Why we love Durban: Victoria Street Market – 5

This post follows Why we love Durban: Moses Mabhida – 4.

Where to stay advises of the following:

Durban’s Victoria Street Market is a vast oriental bizarre with hundreds of stalls offering a huge selection of spices, fabrics, baskets, beads, sculptures, soap-stones and other African curios.

It is a favourite tourist destination as it offers not only great prices, but a unique chance to experience the atmosphere of an oriental marketplace where haggling is considered the norm.

The market is located at the corner of Queen St. and Victoria St. and has plenty of underground parking“.

There is a general section for all and fish / poultry / offal section (not for the meek). Traders on the roadside sell vegetables.

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Ulwazi, as always, provides a wealth of information:

The Victoria street market in Durban is a rich historical site that reflects the struggles of a poor community striving for their own identity and a burning need to make ends to meet to survive in new pasture market currently stands strong in the central business district of Durban, and is an epic in the Indian community as it serves as a reminder of a disadvantaged community that was determined to survive against all odds.

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The market was a seed sown by the Indian indentured labourers that had completed their indenture ship and had a choice of either going back to India, or to seek employment, or create their own means employment.

The market was seen as transition from farming to industrial employment. Having experience from an agricultural sector their best option to survive was growing fruit and vegetables and selling them on the streets of Durban.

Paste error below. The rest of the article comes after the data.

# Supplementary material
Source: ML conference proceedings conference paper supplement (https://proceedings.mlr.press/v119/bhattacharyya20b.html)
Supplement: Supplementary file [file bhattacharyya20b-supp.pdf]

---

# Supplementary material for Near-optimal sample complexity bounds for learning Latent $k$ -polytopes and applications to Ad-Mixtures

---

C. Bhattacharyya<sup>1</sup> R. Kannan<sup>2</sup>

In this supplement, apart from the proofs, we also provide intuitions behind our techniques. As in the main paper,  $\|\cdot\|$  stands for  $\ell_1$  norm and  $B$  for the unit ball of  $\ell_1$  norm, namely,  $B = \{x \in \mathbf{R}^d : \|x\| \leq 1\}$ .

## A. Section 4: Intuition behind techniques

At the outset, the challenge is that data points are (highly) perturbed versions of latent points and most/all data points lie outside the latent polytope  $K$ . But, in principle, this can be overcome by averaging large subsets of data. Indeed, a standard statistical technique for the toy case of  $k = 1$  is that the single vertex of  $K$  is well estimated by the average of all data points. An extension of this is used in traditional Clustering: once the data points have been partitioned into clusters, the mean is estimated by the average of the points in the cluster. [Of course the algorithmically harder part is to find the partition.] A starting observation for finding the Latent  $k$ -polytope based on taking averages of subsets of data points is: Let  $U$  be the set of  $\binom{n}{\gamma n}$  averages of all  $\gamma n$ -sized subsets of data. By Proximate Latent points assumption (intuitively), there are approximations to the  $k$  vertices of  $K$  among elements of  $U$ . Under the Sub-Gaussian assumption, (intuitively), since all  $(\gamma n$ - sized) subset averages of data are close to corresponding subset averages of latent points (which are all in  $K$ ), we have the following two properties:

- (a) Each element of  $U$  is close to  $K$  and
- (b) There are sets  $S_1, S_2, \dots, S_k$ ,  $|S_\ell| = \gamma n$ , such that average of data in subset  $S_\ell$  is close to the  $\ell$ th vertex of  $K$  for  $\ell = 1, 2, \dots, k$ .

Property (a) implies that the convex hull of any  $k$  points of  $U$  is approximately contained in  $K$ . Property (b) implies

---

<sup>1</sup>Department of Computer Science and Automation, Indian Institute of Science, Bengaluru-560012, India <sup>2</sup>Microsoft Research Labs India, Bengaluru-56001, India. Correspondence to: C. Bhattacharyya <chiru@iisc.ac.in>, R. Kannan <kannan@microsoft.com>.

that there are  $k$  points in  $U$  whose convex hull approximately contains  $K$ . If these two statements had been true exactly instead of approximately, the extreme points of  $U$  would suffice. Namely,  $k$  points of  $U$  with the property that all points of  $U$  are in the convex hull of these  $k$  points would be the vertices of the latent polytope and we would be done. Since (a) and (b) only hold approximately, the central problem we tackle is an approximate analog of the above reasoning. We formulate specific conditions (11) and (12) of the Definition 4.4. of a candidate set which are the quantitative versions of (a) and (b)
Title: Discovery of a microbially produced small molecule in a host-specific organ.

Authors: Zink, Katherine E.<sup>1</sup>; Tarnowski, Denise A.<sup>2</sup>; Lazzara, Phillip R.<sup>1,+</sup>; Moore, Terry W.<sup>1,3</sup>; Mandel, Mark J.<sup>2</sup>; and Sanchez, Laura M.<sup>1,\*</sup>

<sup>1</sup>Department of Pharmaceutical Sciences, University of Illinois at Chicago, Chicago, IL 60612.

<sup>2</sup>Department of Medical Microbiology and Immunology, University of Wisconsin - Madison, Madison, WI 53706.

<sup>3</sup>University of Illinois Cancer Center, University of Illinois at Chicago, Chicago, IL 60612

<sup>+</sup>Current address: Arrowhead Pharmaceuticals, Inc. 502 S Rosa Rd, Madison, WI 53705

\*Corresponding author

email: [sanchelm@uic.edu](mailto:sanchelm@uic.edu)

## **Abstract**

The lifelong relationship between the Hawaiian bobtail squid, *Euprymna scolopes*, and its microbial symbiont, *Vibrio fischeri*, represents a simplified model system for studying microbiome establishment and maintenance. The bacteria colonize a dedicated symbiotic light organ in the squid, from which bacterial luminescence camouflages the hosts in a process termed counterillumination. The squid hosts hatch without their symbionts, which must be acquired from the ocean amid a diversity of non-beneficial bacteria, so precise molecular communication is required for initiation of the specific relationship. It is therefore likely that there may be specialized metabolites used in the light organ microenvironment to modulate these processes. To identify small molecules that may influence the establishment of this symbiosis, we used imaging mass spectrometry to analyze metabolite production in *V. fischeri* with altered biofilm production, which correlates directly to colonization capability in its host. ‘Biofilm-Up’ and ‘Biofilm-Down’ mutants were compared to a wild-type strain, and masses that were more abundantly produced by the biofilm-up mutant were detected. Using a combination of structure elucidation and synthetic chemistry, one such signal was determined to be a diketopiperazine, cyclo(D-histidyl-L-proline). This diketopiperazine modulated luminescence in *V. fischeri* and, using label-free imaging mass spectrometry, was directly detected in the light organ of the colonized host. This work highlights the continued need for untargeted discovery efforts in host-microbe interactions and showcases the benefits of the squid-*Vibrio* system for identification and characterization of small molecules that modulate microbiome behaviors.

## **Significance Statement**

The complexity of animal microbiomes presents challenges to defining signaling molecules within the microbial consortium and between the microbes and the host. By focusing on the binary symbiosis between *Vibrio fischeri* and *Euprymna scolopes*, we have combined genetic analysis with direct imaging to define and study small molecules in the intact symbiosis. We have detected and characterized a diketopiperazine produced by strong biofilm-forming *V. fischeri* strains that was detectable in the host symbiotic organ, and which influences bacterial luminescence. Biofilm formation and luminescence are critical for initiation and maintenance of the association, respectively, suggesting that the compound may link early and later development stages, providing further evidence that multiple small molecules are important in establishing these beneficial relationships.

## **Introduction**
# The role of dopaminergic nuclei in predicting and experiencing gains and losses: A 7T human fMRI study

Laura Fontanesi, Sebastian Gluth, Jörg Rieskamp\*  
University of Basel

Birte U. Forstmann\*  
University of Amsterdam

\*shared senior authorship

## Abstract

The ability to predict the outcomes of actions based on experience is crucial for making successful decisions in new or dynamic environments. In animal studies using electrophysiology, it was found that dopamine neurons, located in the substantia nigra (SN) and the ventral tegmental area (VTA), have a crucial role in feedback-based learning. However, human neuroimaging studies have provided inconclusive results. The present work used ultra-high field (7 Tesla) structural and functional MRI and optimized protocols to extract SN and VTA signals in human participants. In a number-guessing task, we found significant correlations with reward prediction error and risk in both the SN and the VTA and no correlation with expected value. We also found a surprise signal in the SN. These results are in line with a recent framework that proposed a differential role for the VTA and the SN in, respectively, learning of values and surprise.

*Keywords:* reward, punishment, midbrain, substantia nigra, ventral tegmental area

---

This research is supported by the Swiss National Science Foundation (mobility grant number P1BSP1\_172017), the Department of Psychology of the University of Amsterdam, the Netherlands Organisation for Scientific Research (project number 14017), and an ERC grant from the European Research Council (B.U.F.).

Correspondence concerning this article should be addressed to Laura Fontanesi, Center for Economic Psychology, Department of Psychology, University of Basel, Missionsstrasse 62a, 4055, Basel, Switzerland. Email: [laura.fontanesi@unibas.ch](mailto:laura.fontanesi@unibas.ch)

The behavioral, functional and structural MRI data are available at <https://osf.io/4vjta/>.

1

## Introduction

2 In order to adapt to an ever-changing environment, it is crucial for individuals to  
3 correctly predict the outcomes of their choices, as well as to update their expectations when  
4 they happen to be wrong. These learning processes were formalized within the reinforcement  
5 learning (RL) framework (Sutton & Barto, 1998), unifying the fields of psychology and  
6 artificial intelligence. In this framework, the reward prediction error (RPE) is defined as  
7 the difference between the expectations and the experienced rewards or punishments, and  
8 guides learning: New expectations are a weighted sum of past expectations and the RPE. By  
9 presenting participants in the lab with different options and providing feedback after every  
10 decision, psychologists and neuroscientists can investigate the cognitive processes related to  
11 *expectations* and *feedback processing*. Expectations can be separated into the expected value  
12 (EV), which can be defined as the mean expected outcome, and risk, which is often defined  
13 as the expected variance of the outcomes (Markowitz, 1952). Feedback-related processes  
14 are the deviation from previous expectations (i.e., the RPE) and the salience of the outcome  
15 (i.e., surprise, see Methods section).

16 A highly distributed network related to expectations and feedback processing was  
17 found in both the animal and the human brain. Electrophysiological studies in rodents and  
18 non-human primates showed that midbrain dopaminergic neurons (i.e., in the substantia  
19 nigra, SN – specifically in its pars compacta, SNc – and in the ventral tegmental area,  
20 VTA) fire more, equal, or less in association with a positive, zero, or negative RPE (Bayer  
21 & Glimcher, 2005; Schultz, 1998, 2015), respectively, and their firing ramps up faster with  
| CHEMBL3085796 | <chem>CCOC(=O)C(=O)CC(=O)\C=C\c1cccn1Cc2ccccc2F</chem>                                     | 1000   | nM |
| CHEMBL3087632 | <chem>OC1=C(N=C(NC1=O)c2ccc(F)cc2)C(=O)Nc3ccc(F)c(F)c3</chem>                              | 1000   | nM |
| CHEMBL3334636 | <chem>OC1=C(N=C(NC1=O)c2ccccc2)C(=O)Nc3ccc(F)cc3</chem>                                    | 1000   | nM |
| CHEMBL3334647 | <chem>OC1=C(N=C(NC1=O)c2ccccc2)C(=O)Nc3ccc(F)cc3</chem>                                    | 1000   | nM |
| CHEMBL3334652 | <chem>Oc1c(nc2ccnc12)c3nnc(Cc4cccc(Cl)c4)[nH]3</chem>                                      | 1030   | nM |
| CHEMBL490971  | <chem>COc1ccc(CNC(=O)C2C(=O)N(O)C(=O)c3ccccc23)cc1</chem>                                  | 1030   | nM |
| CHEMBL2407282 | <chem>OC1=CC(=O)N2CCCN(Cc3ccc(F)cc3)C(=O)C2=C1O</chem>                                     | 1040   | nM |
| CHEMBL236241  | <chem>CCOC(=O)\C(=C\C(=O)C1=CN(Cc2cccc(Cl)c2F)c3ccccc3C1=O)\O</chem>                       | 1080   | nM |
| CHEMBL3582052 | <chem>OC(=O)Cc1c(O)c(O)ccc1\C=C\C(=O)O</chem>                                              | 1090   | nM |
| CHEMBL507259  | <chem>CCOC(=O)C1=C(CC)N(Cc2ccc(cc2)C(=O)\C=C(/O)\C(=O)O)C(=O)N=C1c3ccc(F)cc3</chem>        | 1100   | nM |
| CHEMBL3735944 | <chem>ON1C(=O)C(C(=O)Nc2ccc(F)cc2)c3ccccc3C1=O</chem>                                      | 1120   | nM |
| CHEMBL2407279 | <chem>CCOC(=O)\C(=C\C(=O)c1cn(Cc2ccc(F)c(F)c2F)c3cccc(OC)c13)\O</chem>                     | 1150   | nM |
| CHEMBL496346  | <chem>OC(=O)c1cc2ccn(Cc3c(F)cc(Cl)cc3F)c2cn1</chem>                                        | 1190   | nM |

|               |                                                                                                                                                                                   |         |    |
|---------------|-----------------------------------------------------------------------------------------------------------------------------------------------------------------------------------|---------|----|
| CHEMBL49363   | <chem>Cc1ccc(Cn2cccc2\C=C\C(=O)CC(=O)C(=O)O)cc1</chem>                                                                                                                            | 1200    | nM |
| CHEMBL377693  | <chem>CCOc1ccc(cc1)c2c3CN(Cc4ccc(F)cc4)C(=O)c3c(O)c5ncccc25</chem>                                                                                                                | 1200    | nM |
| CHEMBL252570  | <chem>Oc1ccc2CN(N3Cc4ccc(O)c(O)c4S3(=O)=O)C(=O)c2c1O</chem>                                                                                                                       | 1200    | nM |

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Initially they used the Grey Street Mosque to trade but as the number of traders grew from both Hindu and Muslim backgrounds they moved to the streets. The atmosphere was a buzzing environment of a rush, with horse drawn carts and people sitting on the streets of Durban, attracting potential customers. They had to pay a daily rental fee to Durban town council and because it was unaffordable to travel back and forth from home they were forced to sleep on the pavements or seek shelters at a nearby temples.

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A typical market day started at 4am and ended at 6pm. Farmers reached the market as early as 2 am to secure a trading place. There was no access to toilets and there was no protection from extreme weather conditions.

In 1910, the Indian market was formally built by the municipal in Victoria Street it was also known as the Top Market or Squatter Market. The traders also sold groceries, fish, spices and crafts as part of their trade.

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The traders also experienced conflicts amongst themselves as the squatters on the street was seen as a hindrance to the stall holders inside the building complaining the squatters was causing pollution and was a threat to their sales.

In 1934, the Durban Town Council prohibited the sale of cooked food to accommodate restaurants in the market building.

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The squatter traders were members of the Indian Agricultural Association, Natal Farm Association and from the towns of Springfield, Newlands and Clairwood it was a business hub, but the traders were seen as a threat as they were selling cheaper commodities that meant other business were running losses.

The squatters also caused traffic congestion, and they were also destroying the cemetery that were near them. The Durban Town Council built a wall which the squatter traders had to pay the costs of.

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In 1970, the Durban City Council were set to build a freeway across the market which was opposed by the traders who protested, however in 1973 a fire destroyed the market and although the reason behind the fire was a drunk street man, the traders viewed it as a sabotage.

The market was reconstructed and its still thriving strong as ever with a blend of Indian spices and African craft.”

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